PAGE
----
Hacking Kodo

The following information is meant for developers who need information beyond what can be learned from reading the examples about how Kodo’s design and functionality.

Introduction

With Kodo we wanted to build a library which allowed easy experimentation with erasure correcting codes, in particular Network Codes. One of the major challenges has been to produce a design which allowed experimentation with variants of different codes, but without having to rewrite or duplicate a lot of code. To support this we went through a large number of design iterations e.g. using traditional polymorphic OOP (Object Oriented Programming) designs. We have finally settled for using a special C++ design technique known as mixin layers or parametrized inheritance. Utilizing this technique has made it possible to create a component based library with a high level of code reuse.

In the following we will attempt to provide an overview of the Kodo design and the current architecture. Along the way we will provide definitions of the terminology we use throughout the library. The goal is that this overview should be readable for an as wide as possible audience. Therefore if you should find something missing, unclear or which could be improved please let us know.

API Layer Specifications

Although the mixin-layer technique provides many benefits in terms of reuse and flexibility it also provides you with ample ways of shooting yourself in the foot, by accidentally reordering layers in wrong ways or by not having compatible layers in both encoders and decoders. Some of these problems will be caught at compile time, but others can result in subtle and hard to find errors at run time. You should therefore always pay close attention when adding, removing or reordering layers in encoders and decoders.

In an attempt to reduce the amount of problems that can arise from misconfigured encoders and decoders we have created a set of API specifications. These specifications state in which order layers should be grouped and what functions (API) a specific layer should implement. Since adherence to these specifications are not enforced by the compiler or C++ itself. They require some discipline on behalf of the developers. The following section will describe the specified API layers and how they are typically used to build an error correcting encoder or decoder.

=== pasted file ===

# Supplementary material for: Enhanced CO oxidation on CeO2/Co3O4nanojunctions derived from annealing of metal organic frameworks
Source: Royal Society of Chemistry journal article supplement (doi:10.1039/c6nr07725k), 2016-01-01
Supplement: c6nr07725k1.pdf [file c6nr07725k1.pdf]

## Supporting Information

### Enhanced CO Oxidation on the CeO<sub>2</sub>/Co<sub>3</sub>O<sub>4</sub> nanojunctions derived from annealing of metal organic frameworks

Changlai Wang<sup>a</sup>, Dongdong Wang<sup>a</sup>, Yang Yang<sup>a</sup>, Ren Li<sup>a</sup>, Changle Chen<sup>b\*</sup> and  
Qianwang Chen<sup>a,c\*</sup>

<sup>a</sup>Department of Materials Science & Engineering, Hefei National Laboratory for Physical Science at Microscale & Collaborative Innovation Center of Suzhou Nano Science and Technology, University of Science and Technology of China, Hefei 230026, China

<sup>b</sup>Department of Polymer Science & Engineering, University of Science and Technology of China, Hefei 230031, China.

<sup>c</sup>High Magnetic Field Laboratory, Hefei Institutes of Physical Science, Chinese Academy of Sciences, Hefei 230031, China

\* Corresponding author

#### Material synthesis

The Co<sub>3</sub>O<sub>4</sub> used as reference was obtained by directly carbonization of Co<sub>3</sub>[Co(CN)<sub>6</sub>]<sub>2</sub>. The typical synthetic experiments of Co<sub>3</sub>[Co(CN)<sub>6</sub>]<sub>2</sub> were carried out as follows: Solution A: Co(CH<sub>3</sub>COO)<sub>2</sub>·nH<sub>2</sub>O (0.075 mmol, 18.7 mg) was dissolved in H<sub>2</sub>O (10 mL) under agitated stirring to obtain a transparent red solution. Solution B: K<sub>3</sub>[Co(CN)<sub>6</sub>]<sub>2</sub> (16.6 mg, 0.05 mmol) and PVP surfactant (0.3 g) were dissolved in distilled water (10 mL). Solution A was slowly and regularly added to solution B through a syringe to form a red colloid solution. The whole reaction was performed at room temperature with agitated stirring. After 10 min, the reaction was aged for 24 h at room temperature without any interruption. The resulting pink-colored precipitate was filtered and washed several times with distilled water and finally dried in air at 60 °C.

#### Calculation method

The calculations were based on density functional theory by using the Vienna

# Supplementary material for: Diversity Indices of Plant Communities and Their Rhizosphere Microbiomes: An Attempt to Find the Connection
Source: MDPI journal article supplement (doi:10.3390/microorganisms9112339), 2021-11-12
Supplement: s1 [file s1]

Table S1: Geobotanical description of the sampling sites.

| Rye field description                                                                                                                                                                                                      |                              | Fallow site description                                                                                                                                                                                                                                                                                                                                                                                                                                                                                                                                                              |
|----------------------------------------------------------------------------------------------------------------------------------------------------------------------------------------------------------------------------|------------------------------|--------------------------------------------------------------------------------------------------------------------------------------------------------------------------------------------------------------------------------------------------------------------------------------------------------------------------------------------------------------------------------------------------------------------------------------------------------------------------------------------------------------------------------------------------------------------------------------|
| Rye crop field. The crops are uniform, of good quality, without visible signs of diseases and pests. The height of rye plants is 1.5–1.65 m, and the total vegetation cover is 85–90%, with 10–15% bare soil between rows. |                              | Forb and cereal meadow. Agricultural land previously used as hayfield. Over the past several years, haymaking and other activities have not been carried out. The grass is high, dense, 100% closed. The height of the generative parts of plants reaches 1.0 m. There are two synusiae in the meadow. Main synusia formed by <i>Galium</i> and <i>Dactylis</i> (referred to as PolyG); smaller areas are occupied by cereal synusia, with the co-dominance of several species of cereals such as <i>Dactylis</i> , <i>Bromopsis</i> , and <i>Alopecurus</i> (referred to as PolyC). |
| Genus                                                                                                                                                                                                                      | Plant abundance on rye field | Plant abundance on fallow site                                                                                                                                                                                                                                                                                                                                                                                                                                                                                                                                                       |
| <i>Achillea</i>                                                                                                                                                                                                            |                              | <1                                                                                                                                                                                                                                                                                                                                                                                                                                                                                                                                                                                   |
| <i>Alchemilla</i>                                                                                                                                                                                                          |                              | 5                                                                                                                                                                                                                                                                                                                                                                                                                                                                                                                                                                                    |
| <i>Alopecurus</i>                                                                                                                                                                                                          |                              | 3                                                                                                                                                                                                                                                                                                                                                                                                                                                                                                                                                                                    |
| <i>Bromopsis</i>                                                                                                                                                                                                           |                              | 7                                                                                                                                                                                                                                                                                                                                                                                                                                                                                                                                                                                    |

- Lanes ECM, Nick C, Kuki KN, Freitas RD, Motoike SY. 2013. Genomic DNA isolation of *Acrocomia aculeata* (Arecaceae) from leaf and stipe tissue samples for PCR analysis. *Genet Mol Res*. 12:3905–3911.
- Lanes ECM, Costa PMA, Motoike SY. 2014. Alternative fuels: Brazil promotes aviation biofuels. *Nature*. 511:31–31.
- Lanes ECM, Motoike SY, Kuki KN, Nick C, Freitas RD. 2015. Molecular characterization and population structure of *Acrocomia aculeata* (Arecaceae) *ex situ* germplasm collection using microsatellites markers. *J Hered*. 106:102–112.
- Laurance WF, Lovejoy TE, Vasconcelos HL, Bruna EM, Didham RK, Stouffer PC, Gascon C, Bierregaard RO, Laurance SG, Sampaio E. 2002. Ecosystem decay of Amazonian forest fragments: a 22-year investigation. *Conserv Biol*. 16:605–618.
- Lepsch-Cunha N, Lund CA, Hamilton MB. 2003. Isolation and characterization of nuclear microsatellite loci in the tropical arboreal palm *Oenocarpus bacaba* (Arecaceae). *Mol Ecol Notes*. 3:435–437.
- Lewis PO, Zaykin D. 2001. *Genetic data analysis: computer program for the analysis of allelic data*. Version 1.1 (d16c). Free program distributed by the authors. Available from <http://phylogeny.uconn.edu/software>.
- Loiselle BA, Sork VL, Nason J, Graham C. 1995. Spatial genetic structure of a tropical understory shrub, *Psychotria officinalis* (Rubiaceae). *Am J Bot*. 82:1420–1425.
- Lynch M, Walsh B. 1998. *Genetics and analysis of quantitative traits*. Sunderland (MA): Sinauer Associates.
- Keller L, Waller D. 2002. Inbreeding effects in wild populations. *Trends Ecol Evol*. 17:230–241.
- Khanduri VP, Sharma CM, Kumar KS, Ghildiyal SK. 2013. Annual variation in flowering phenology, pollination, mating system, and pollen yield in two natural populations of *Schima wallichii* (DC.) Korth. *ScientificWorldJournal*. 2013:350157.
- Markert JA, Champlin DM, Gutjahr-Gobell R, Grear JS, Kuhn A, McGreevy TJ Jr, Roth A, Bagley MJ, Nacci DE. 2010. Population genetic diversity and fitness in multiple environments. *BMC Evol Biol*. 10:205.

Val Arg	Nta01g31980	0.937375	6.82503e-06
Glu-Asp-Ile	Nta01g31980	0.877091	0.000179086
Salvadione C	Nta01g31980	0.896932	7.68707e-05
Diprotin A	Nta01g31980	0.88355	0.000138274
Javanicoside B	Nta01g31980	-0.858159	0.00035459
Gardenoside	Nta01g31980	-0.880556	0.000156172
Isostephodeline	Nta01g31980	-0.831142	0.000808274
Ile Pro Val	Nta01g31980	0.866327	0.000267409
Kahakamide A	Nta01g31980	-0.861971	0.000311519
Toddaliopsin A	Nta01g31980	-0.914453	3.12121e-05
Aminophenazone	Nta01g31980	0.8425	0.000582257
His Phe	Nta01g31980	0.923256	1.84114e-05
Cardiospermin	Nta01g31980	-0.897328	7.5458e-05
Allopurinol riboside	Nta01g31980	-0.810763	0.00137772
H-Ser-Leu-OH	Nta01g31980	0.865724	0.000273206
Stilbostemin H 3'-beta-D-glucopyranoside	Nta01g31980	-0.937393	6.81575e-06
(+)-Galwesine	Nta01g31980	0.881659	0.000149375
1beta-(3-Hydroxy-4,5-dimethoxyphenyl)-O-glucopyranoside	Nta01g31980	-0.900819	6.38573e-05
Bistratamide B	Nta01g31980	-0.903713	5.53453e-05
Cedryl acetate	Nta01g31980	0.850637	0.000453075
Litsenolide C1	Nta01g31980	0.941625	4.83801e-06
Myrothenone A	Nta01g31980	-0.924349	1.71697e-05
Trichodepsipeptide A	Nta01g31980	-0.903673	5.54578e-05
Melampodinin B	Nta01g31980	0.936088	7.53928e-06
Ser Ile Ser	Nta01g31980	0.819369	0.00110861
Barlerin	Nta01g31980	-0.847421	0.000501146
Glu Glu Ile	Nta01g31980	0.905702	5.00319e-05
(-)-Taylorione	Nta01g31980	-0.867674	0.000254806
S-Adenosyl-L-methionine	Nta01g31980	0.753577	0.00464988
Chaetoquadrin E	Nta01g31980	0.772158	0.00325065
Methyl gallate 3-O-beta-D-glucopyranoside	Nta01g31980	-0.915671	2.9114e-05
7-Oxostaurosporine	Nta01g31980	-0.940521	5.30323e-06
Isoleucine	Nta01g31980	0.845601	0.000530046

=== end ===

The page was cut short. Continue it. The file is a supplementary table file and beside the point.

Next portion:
Overview of Typical Codec Stack

In the figure below you see what a typical codec stack looks like. The APIs used at each layer is documented in our API Documentation (Doxygen). In this section we will briefly describe the functionality of each layer. This should hopefully make it easier for developers to find the right place to add new functionality and thereby also which API they should implement.

../../_images/codec_stack.png

When we say typical codec stack about the figure shown above it is because you do not have to follow this structure. If for some reason it makes sense for you to reorder the layers, this is entirely possible. In Kodo however most existing codecs do follow the pattern shown in the figure, and we encourage you to do the same in order to make the code as easy to follow as possible.

API Layers

In the following we will provide an overview of the purpose of each API layer. The goal is to make it easier to figure out where to look for specific functionality or where new functionality should be added.

You may find the exact API specifications in our Doxygen documentation.

User API

The User API are the functions which does not belong in any specific category. This could be functions that are specific to debugging functionality or similar. As indicated on the codec stack figure the user API can be implemented anywhere in the stack depending on the desired functionality.

Payload Codec API

The payload codec API provides a simply encode() and decode() API which either produces an encoded symbol into the provided payload buffer or attempts to decode the symbol stored in the payload buffer. Finally the payload layer is responsible for splitting the payload buffer into the symbol data and symbol header.

As a developer you may choose to implement a Payload Codec layer if you wish to implement functionality not requiring access to the memory of the individual coded symbols. Example of this could be:

  • Adding layer which overrides the decode() API to measure the time elapsed between two consecutive decode() calls. This would allow a developer to measure the time since a packet arrived for a specific decoder.
  • The payload layer may also embed additional information into the payload buffer by overriding the payload_size() function. This is however often better implemented Codec Header layers.

Codec Header API

The Codec Header API is typically invoked after the Payload Codec API has split a payload buffer into the symbol data and the symbol header. Depending on whether we are implementing an encoder or decoder we typically use this layer to read or write information about the symbol data from or into the symbol header.